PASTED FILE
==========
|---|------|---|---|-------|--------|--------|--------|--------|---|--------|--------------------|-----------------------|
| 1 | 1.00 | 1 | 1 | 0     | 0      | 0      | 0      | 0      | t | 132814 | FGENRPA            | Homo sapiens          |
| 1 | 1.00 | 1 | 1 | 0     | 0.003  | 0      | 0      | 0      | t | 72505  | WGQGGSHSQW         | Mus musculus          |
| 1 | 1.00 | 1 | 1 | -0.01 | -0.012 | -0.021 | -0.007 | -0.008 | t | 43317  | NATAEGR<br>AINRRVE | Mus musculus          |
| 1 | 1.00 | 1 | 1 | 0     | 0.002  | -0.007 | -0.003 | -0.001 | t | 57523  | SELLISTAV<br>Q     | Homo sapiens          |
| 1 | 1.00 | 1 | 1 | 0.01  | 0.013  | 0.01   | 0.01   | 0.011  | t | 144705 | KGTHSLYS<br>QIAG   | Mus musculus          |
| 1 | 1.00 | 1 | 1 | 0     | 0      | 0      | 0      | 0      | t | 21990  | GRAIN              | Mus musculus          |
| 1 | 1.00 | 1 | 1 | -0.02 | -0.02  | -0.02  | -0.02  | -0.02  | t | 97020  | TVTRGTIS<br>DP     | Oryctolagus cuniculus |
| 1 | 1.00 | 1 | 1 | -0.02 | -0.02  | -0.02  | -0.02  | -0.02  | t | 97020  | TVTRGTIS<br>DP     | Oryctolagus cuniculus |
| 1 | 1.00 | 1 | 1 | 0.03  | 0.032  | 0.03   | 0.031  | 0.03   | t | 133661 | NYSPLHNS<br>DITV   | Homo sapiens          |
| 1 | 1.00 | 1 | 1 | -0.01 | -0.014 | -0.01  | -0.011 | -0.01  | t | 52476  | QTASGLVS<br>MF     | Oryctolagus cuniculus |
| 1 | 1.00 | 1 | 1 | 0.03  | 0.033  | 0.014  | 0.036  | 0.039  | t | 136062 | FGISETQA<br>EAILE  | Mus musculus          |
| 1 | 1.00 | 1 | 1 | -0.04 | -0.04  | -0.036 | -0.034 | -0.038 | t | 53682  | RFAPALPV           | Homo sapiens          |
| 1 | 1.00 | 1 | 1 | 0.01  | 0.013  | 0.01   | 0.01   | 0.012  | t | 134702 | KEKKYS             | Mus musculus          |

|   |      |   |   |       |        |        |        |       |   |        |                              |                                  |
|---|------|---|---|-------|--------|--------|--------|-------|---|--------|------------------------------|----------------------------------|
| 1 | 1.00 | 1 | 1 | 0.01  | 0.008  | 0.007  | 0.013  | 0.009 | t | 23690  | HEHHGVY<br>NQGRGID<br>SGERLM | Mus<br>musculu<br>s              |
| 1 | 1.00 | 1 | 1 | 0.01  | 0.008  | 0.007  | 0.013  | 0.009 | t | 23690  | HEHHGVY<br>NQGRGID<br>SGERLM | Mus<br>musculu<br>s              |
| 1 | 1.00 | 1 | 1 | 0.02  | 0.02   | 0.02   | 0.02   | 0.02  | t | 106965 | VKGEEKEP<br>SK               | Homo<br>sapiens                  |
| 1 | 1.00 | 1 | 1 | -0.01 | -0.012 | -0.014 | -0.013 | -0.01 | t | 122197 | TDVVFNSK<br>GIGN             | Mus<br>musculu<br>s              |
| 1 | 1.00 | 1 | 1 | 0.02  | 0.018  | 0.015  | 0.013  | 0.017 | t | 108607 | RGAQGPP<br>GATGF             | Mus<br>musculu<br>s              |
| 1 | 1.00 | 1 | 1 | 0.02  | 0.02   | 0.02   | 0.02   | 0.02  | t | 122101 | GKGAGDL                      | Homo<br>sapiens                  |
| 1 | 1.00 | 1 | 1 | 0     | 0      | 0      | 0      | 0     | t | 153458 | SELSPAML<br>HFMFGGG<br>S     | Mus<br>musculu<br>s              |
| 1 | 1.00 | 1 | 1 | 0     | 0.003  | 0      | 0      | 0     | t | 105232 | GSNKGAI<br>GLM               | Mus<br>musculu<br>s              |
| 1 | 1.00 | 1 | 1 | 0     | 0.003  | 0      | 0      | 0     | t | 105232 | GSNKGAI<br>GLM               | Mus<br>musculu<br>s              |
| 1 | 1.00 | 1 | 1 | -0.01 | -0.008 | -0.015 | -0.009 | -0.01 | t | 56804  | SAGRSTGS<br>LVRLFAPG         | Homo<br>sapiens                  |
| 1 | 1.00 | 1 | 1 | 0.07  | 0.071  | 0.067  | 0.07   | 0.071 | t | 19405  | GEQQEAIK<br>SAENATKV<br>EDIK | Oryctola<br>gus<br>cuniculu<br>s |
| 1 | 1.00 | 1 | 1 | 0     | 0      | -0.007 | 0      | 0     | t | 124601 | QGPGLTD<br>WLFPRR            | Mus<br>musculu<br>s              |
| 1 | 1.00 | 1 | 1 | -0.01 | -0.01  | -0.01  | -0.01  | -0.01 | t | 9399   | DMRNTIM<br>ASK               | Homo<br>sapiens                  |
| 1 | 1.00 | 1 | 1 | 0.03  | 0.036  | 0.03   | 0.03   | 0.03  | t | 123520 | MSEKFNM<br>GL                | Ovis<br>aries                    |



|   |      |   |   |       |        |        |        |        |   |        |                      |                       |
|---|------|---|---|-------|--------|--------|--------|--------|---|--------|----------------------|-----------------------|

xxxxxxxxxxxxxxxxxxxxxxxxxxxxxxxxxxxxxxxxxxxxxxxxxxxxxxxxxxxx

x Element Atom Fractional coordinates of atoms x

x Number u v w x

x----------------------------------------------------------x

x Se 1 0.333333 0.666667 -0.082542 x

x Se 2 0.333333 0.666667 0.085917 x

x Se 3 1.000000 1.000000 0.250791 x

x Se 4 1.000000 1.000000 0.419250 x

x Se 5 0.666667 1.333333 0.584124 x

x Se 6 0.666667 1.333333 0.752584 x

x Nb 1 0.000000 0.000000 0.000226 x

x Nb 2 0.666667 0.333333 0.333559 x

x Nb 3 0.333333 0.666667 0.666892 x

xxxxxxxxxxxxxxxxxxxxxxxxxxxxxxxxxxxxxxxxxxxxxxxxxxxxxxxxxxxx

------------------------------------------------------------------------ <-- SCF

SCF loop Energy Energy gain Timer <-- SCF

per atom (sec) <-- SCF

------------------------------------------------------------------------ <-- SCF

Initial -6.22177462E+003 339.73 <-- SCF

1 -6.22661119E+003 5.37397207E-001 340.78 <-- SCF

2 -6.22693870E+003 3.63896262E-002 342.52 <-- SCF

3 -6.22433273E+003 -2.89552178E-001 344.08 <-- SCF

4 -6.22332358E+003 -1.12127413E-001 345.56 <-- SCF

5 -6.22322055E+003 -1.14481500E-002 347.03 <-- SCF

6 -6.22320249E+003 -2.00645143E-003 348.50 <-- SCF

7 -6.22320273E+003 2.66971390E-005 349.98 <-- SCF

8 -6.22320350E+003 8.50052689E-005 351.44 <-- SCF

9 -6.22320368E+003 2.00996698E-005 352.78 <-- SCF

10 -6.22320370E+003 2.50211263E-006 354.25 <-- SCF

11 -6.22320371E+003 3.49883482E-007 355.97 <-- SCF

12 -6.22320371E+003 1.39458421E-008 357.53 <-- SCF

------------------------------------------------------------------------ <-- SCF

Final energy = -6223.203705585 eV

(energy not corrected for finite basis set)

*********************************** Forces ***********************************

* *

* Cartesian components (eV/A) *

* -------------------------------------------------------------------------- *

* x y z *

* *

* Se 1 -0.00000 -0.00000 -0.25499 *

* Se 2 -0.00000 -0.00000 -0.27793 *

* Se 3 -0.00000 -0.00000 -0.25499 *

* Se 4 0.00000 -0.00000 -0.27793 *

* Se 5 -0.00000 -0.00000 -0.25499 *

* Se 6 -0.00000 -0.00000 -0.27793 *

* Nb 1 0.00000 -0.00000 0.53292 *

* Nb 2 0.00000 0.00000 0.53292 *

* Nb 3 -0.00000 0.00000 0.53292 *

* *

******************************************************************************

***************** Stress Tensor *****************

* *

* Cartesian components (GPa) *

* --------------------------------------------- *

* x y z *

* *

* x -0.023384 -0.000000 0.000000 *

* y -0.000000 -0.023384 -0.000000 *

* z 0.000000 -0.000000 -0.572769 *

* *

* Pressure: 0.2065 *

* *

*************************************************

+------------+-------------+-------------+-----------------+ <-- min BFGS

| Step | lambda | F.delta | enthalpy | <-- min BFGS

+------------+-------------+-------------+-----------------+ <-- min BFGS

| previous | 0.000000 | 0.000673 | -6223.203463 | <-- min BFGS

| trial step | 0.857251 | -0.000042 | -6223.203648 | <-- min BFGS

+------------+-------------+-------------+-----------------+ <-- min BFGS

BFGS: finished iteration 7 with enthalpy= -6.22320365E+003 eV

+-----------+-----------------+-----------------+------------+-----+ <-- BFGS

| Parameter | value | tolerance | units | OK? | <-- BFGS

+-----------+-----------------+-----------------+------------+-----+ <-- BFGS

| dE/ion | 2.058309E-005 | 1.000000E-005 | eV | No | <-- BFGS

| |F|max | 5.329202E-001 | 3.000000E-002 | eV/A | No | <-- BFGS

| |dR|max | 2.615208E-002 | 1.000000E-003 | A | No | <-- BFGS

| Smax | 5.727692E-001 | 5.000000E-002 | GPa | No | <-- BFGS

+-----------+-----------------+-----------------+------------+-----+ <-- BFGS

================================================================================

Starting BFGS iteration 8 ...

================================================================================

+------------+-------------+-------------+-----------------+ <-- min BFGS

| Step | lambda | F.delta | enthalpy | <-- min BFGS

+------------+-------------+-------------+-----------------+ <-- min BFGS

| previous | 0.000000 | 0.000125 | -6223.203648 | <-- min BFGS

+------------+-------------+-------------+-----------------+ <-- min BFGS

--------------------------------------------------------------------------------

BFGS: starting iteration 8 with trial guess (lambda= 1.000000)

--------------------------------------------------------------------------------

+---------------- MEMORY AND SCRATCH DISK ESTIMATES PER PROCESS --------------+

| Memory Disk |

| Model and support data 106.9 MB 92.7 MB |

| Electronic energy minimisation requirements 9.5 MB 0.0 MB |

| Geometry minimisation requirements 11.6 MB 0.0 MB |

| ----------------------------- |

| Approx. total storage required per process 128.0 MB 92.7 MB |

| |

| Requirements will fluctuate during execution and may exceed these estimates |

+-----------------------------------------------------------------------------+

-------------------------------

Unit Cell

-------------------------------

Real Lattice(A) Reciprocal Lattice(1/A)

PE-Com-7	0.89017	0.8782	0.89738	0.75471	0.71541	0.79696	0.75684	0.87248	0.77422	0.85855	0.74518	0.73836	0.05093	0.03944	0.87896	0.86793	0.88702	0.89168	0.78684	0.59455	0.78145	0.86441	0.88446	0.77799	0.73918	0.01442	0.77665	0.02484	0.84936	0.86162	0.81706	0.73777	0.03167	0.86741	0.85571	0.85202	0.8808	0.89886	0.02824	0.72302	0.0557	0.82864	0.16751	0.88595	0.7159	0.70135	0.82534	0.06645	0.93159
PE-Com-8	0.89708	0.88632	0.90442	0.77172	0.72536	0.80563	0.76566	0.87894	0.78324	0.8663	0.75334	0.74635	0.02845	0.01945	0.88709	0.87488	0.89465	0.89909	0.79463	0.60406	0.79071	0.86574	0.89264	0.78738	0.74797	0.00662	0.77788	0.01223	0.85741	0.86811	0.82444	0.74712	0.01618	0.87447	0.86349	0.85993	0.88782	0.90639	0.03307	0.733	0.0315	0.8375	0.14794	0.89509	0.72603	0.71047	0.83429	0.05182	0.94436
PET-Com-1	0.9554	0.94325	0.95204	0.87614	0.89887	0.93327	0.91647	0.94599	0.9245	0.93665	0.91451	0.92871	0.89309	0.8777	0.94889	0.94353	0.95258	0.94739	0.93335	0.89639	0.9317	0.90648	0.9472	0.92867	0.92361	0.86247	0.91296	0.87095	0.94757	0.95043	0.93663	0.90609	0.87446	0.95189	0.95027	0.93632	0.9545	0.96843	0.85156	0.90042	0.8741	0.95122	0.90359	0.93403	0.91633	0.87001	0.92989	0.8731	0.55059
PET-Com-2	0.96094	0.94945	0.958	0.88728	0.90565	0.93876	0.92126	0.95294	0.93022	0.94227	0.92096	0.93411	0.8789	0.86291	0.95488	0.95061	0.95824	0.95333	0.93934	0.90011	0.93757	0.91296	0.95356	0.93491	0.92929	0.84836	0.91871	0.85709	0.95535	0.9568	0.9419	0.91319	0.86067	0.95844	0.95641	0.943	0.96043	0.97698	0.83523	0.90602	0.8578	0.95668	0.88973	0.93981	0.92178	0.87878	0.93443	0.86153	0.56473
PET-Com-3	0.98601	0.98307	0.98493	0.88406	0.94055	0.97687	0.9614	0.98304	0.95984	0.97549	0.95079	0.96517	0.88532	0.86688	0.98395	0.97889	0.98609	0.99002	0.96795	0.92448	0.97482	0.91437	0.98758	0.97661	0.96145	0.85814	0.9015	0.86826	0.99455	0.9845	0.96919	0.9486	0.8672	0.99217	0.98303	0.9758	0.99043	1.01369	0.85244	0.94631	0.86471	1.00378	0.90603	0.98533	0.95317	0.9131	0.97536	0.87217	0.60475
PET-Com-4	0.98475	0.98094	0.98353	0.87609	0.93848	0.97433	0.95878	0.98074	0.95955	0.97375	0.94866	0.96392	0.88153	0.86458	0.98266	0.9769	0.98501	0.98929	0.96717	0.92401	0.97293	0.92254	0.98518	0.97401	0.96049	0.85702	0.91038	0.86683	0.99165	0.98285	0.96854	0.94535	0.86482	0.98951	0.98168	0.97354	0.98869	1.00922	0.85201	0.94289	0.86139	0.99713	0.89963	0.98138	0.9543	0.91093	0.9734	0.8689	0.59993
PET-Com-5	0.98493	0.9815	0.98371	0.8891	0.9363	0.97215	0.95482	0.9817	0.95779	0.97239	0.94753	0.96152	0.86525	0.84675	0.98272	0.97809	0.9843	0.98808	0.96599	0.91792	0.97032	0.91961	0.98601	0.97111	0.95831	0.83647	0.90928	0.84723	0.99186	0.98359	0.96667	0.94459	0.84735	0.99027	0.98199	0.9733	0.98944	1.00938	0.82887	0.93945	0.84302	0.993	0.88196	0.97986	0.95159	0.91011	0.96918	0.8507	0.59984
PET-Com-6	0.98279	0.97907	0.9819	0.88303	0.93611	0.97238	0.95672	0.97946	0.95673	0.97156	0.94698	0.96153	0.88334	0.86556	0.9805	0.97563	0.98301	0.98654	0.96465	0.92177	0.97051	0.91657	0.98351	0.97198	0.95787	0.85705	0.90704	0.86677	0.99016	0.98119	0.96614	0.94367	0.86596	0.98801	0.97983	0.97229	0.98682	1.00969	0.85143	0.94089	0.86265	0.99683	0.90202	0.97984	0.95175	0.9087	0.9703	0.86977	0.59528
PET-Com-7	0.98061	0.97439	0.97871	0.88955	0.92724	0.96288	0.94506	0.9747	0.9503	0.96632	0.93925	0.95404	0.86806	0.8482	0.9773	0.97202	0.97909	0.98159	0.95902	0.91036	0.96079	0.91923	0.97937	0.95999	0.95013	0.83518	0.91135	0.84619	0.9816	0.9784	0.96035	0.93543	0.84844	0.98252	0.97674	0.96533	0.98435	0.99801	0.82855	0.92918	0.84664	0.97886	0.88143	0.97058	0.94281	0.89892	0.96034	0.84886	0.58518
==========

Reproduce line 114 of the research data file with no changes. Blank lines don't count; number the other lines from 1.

================================================================================